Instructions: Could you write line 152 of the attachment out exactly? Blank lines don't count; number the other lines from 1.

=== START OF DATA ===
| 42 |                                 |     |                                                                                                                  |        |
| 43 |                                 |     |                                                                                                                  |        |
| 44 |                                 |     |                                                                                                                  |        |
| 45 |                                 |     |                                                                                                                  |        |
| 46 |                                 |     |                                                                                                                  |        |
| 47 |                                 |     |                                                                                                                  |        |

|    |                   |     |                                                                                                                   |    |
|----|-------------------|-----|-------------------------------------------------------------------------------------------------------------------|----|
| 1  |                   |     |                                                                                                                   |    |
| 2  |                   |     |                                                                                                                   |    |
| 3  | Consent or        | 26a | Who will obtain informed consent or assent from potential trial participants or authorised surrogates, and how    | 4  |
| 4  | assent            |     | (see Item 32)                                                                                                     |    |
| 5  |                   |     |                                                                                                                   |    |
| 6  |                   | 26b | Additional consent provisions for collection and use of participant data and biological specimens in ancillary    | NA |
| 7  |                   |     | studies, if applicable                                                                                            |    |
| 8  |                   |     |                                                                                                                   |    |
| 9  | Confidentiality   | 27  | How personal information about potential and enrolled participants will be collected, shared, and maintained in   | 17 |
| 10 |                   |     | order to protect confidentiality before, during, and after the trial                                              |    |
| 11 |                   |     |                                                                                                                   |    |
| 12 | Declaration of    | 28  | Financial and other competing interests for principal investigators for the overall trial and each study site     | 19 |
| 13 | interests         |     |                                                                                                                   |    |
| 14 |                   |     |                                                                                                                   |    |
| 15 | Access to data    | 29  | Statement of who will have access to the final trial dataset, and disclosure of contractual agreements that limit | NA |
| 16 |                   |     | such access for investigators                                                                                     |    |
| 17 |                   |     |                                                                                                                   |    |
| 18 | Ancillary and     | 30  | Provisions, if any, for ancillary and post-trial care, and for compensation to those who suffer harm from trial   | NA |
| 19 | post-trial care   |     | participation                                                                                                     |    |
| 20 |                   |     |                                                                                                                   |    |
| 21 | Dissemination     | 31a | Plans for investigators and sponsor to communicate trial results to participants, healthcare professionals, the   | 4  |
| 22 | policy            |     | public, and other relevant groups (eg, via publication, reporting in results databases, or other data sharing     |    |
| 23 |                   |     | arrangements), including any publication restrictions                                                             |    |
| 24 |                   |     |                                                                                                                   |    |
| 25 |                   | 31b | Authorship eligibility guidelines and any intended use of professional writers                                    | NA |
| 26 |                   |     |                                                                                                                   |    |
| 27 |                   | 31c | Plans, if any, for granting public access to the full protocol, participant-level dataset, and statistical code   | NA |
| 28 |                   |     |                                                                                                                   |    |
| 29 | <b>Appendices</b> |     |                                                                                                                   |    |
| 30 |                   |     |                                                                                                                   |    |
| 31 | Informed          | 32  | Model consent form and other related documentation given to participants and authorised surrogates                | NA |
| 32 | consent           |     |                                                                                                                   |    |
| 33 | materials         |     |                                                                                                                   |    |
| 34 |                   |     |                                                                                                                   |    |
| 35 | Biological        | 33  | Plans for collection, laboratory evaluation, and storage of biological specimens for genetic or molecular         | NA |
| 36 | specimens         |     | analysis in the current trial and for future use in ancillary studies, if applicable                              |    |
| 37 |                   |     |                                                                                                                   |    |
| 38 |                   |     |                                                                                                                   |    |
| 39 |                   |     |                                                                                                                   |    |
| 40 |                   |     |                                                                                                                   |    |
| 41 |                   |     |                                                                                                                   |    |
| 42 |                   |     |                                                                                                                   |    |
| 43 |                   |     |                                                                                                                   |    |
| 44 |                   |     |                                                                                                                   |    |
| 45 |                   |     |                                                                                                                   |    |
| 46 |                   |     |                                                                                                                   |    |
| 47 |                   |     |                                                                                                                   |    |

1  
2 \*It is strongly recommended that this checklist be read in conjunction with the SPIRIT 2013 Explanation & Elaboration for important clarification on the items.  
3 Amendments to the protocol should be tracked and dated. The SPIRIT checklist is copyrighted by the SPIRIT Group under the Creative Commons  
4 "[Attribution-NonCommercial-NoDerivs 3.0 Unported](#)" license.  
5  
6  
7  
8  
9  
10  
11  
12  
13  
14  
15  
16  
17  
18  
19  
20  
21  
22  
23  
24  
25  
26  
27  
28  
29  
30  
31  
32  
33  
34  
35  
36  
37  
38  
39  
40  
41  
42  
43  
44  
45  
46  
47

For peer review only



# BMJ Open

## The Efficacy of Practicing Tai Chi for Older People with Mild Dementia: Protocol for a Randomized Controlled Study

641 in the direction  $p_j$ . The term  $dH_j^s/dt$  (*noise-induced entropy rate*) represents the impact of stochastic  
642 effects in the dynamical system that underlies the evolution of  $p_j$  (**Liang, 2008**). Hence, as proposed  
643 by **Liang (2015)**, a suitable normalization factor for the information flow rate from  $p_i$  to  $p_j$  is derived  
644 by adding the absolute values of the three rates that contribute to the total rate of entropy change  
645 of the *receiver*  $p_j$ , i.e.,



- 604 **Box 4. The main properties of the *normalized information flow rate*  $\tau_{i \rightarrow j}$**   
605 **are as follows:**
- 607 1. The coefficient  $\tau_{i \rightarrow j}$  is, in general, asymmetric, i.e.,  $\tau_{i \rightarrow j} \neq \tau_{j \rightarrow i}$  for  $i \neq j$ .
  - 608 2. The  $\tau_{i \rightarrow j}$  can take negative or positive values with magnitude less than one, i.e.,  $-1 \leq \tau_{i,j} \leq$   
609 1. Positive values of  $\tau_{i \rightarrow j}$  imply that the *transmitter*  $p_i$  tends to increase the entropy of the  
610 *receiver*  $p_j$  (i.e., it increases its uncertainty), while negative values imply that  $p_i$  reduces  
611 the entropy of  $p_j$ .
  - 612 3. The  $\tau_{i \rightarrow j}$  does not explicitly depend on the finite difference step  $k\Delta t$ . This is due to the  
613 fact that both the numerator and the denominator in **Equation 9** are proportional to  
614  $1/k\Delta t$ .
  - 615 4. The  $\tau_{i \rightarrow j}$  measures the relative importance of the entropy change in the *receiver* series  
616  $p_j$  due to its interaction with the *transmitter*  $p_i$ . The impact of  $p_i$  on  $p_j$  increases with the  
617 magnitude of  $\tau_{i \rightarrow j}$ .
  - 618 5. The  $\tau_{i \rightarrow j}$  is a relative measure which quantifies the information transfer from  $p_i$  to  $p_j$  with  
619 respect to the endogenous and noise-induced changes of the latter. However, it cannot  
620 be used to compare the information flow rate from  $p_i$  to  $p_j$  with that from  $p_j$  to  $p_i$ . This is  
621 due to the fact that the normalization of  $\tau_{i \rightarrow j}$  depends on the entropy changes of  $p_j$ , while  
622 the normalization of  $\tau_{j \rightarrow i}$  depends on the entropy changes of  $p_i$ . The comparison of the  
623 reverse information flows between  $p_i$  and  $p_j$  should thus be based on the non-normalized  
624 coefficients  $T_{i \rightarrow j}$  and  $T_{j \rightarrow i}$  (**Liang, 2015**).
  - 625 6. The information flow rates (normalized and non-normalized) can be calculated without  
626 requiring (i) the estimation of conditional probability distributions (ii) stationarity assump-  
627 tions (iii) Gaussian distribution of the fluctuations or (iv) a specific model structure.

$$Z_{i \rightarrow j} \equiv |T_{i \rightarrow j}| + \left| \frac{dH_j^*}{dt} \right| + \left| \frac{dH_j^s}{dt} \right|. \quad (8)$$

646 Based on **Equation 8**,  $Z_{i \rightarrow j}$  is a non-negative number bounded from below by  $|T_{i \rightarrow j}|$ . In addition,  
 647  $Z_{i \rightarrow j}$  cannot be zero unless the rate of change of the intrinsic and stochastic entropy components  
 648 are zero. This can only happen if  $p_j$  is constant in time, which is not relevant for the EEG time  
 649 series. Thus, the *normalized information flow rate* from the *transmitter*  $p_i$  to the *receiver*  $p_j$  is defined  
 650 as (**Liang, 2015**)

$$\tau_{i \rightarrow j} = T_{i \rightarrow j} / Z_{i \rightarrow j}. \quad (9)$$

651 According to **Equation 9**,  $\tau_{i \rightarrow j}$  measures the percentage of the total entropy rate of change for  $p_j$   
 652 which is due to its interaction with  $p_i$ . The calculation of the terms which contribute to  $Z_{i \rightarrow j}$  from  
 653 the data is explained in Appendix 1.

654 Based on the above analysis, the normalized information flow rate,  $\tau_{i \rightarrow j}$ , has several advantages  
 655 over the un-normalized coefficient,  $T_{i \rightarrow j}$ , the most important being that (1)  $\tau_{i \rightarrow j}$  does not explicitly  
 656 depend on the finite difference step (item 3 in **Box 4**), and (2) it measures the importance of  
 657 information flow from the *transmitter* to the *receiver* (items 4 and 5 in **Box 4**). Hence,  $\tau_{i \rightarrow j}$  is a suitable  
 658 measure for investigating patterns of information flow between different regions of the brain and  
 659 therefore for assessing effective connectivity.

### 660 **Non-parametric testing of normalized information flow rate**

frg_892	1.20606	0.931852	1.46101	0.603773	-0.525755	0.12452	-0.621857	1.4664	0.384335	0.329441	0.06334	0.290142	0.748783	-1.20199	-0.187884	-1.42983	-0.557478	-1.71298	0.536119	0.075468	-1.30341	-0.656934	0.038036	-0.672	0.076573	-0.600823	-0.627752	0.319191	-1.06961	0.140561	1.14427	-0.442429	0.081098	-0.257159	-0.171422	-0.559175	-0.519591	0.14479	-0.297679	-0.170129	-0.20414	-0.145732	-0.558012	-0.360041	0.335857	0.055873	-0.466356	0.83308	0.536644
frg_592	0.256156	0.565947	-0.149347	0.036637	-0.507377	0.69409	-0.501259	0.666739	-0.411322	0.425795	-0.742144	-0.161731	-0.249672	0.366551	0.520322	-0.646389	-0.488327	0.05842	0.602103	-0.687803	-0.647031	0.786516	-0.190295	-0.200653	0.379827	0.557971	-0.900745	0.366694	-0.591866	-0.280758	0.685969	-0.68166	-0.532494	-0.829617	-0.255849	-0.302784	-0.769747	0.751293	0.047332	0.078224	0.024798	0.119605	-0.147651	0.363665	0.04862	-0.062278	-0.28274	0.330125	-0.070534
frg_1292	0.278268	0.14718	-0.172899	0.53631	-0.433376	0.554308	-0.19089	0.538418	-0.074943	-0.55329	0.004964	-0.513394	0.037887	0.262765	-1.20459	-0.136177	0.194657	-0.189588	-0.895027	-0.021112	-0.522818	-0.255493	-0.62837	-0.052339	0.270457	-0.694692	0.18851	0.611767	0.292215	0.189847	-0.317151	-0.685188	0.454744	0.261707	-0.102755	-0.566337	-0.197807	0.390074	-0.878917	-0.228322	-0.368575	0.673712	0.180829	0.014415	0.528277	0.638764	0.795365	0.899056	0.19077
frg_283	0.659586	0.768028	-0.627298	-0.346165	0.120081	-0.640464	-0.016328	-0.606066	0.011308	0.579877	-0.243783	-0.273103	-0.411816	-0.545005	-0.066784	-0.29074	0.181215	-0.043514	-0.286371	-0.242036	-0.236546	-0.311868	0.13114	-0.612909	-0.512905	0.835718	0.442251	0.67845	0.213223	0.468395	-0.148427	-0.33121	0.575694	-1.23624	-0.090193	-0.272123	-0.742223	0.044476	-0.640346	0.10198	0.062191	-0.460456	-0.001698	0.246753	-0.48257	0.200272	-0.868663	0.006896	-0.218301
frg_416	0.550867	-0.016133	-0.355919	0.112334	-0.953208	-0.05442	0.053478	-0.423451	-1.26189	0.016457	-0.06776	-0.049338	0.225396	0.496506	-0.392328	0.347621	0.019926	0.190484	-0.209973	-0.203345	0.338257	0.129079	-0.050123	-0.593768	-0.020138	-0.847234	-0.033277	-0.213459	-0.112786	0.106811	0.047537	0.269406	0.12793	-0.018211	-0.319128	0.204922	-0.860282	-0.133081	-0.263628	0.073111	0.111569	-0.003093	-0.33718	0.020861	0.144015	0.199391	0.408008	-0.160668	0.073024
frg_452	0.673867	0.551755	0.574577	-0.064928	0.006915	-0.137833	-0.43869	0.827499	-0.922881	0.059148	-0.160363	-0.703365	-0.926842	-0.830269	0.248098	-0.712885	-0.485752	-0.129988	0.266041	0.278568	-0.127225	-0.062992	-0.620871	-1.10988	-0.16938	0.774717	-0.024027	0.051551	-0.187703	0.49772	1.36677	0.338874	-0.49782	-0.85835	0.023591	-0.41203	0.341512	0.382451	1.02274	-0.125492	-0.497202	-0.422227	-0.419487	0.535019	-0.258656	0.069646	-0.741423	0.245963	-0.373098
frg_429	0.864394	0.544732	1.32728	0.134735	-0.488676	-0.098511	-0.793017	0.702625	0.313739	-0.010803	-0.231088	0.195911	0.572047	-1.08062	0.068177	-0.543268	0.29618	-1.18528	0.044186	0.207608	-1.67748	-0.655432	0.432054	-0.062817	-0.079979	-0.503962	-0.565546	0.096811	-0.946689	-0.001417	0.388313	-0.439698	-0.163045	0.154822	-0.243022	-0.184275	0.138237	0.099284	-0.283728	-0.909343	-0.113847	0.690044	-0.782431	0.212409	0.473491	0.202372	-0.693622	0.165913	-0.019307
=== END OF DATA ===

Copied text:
frg_592	0.256156	0.565947	-0.149347	0.036637	-0.507377	0.69409	-0.501259	0.666739	-0.411322	0.425795	-0.742144	-0.161731	-0.249672	0.366551	0.520322	-0.646389	-0.488327	0.05842	0.602103	-0.687803	-0.647031	0.786516	-0.190295	-0.200653	0.379827	0.557971	-0.900745	0.366694	-0.591866	-0.280758	0.685969	-0.68166	-0.532494	-0.829617	-0.255849	-0.302784	-0.769747	0.751293	0.047332	0.078224	0.024798	0.119605	-0.147651	0.363665	0.04862	-0.062278	-0.28274	0.330125	-0.070534